2002 will see VoIP-enabling technology become generally affordable and ubiquitously available. The coming year will also see the most significant obstacle to VoIP use -- quality of service -- come under control. The jumping of this last hurdle -- long the bane of voice of data deployments -- ensures VoIP's widespread adoption.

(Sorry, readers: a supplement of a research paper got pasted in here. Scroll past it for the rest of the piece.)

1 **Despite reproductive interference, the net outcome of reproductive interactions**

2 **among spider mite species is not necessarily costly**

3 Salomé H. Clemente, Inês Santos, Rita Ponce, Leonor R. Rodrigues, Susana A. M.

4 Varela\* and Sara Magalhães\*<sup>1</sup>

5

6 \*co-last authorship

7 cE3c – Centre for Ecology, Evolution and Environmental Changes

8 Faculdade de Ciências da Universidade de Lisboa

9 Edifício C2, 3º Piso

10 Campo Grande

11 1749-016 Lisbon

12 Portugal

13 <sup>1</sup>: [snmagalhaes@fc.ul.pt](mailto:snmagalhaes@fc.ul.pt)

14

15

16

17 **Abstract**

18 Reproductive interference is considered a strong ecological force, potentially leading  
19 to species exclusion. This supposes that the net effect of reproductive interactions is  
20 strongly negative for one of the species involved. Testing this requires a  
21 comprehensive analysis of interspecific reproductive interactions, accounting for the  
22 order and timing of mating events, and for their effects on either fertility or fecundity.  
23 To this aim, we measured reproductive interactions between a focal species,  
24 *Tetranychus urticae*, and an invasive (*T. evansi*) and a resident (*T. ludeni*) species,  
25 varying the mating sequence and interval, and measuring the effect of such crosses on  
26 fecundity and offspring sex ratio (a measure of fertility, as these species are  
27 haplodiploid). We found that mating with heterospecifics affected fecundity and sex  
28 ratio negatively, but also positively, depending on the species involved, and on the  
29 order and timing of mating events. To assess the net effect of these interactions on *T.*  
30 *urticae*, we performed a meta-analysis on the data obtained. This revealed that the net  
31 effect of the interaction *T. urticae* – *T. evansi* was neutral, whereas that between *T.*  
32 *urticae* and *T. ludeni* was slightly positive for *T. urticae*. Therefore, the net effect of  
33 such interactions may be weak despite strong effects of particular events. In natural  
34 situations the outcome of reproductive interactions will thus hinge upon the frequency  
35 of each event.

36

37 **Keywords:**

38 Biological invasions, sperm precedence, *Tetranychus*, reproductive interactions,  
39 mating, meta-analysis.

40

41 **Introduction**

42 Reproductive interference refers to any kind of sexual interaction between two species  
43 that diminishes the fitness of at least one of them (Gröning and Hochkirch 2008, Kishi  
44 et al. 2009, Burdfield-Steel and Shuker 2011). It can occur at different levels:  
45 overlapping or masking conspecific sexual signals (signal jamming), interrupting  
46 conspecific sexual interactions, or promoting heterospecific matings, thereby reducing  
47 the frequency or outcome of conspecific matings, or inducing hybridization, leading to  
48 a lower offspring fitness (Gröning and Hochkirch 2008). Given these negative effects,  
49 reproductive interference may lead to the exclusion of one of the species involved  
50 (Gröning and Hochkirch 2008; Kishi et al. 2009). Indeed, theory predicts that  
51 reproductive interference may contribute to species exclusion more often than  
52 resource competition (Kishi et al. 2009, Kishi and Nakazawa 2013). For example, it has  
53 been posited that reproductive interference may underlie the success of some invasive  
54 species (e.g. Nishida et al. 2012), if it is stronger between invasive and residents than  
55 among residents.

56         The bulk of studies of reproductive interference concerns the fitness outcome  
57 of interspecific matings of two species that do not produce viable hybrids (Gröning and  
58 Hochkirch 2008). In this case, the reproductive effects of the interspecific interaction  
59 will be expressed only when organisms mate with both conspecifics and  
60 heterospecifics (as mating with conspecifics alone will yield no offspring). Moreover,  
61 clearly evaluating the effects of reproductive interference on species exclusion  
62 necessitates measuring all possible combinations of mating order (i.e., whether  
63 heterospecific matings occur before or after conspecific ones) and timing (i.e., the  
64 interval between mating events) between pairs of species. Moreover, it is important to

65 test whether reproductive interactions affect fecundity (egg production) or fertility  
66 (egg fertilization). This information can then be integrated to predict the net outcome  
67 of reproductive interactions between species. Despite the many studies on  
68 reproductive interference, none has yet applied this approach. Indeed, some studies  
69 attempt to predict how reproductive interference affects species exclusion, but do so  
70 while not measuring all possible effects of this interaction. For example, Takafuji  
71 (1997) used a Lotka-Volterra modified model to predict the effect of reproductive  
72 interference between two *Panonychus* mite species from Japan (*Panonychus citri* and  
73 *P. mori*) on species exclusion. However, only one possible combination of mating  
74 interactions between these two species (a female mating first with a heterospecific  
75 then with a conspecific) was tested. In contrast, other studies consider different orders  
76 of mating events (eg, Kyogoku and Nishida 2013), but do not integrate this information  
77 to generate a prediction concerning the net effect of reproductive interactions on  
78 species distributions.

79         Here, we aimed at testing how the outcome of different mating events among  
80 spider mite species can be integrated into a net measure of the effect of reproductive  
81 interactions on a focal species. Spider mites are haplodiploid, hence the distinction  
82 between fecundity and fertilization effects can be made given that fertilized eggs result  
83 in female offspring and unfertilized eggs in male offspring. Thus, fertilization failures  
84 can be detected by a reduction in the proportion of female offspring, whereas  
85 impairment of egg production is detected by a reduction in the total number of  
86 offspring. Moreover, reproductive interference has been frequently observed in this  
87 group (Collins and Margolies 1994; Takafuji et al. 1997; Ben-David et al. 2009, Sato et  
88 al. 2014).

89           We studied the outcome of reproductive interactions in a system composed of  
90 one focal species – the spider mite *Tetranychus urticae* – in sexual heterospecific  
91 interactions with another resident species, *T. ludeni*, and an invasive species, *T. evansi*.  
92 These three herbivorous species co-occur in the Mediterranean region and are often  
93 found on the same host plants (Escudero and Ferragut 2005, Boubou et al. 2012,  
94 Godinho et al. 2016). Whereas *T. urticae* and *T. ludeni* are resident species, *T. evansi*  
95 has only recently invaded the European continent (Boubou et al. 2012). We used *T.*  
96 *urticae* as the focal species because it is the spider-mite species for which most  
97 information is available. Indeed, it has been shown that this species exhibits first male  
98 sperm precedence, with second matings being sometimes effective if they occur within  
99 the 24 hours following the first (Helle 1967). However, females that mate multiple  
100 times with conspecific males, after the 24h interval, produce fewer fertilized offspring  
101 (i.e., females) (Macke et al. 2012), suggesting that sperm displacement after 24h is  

Bob Massad is vice president, marketing for Telchemy. Telchemy develops intelligent network Quality of Service (QoS) management applications that help to provide high quality service delivery over packetized networks such as the Internet. The company�s initial focus is the Voice over IP (VoIP) market where service providers and major corporations are concerned about potential QoS issues resulting from packet loss, latency, and jitter. Telchemy�s adaptive management applications extend existing standards, implementing advanced statistical models that relate network performance to end-user perceived voice quality.